Here are three areas where parents and early education teachers can give young children a head start in mathematics:

Find math interactions in daily routines – Everyday activities can be chock-full of math. We use math all the time and don’t even know it or aren’t aware of it. We can help children develop simple math concepts by engaging them in activities that use math skills. This can be as simple as having your child find a matching pair of socks, shoes or even objects around the home. Maybe even have them help you sort out the laundry or organise silverware in a drawer. This will teach them sorting and comparing concepts.

Lunch or snack time can be a time of comparing who has the most crackers, carrot sticks, etc. Or juice in a glass can be observed as fractions, one-quarter full, one-half-full or three quarters-full. There are lots of things that we do mathematically and as you go through your daily routine, you will discover more and more things that you can bring to the attention of your child and engage the youngster which will develop their mathematical skills at an early age.

Playing with Math – Playtime affords plenty of opportunities for a child to engage and explore mathematical concepts. For example, shapes can be made with Play-Do, Popsicle sticks or other simple building materials. Story books or songs that include numbers are also excellent and fun ways to get a child to think mathematically. Songs such as Five Little Monkeys might be more educational than we think.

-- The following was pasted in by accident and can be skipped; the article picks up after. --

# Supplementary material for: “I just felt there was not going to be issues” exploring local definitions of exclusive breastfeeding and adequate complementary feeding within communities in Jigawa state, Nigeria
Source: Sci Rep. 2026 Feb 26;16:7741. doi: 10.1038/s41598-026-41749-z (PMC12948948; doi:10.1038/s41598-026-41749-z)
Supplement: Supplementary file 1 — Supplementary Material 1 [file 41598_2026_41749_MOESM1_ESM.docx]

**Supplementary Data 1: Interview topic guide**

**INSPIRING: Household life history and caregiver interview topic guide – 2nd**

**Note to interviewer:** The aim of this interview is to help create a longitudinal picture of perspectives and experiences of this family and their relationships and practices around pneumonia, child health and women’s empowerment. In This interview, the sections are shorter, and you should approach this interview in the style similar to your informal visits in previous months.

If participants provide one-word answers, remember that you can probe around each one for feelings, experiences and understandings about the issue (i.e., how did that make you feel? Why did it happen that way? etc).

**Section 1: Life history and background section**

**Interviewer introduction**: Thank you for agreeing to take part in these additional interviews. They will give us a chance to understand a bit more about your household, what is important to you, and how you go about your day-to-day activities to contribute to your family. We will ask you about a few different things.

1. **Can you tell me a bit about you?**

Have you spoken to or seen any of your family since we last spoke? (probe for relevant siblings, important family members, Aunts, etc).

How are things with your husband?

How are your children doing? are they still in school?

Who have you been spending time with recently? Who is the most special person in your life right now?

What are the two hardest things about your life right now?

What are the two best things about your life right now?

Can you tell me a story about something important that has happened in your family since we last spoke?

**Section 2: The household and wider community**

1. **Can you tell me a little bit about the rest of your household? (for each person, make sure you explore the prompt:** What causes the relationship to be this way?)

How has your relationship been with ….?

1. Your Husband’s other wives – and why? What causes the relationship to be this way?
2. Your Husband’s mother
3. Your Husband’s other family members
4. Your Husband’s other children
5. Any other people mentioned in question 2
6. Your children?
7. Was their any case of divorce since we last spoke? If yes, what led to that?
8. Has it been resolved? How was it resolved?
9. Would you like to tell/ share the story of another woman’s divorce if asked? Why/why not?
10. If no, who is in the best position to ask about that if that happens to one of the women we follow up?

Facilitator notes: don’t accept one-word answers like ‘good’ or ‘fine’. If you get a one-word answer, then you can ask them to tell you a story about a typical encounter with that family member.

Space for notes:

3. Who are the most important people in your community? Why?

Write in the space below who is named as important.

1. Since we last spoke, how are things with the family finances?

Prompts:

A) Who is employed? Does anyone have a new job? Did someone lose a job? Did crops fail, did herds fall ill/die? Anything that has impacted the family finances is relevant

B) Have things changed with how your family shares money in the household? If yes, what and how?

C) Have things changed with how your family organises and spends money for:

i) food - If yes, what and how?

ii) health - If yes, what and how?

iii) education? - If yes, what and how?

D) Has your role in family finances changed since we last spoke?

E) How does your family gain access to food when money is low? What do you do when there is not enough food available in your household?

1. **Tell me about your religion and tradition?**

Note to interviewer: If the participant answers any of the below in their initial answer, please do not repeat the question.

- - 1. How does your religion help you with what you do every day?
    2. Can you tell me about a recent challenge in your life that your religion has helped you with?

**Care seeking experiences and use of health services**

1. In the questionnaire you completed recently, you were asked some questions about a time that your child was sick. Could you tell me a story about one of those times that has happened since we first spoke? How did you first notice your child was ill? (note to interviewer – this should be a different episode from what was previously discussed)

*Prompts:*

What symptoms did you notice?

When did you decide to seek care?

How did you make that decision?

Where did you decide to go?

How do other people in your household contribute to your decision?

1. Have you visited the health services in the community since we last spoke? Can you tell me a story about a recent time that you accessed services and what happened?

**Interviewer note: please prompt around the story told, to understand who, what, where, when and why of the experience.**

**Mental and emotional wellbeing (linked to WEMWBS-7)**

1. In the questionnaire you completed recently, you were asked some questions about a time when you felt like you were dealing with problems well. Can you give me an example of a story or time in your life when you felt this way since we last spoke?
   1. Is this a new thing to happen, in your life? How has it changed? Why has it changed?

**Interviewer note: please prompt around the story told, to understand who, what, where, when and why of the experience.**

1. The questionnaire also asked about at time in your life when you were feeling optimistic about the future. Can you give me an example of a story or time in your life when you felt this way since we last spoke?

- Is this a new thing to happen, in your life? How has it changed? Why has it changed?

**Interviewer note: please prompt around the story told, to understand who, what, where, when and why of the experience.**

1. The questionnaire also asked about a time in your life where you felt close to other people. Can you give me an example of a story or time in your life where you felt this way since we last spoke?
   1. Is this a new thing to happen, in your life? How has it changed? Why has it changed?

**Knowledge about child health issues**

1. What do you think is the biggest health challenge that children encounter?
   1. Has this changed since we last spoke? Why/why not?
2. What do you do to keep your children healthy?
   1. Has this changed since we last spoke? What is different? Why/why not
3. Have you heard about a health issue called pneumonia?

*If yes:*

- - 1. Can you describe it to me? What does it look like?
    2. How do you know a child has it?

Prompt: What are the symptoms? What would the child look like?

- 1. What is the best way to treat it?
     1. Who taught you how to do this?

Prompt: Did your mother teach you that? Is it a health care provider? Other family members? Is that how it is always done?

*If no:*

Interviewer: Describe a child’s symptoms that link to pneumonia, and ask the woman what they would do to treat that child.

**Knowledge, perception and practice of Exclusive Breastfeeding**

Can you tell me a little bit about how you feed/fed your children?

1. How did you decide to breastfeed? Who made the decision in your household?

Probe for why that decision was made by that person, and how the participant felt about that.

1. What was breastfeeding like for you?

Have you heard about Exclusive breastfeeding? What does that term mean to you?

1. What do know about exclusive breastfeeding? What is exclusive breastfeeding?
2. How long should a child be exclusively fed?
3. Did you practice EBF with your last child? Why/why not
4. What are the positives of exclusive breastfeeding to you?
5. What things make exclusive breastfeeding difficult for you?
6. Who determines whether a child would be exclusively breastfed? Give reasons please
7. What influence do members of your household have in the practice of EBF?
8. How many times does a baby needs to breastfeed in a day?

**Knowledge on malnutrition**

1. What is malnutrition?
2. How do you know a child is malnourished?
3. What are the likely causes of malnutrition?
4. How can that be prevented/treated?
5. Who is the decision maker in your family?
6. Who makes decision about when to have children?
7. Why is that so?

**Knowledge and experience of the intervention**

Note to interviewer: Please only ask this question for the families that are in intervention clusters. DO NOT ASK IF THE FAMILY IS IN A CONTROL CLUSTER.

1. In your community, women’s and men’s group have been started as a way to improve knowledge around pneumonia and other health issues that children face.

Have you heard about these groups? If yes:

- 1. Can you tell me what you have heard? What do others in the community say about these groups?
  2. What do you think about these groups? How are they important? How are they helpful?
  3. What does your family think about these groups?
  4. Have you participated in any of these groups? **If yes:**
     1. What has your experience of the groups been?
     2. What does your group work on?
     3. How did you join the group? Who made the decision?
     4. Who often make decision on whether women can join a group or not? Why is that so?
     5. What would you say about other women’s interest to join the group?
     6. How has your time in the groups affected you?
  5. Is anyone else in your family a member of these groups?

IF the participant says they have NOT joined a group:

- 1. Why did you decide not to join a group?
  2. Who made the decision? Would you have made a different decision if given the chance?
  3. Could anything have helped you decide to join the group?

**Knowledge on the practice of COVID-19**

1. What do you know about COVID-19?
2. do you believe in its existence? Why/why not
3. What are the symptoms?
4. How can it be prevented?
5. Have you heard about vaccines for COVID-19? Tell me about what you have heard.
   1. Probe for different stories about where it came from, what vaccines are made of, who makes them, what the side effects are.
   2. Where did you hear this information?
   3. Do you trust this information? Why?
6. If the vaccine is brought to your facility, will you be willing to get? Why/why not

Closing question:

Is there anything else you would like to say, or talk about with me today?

Math is more than Counting Numbers – Spatial reasoning and awareness are also valuable in mathematics. Although much of this is acquired as a child has the freedom to explore his surroundings, it can also be an object of childhood activities. Spatial awareness has to do with understanding objects as they relate to oneself in a given space.

When we discuss or give directives to children about an object’s location we are making them aware of objects in relationship to their space. For example, the ball is in the cupboard, the book is on the bookshelf, the toys are under the table are all examples of objects in location. Fun activities can include a game of hide-and-seek, the game Simon Says and other children’s games that include objects and movement in relationship to the child’s location.

These are only a few ideas of how you can give your child a head start in mathematics. As you look around, many other ideas, games and activities will come to your mind on how you can engage pre-schoolers so that their mathematical skills are developed. In the long-term, they will be better math students because math was taught to them in an enjoyable way.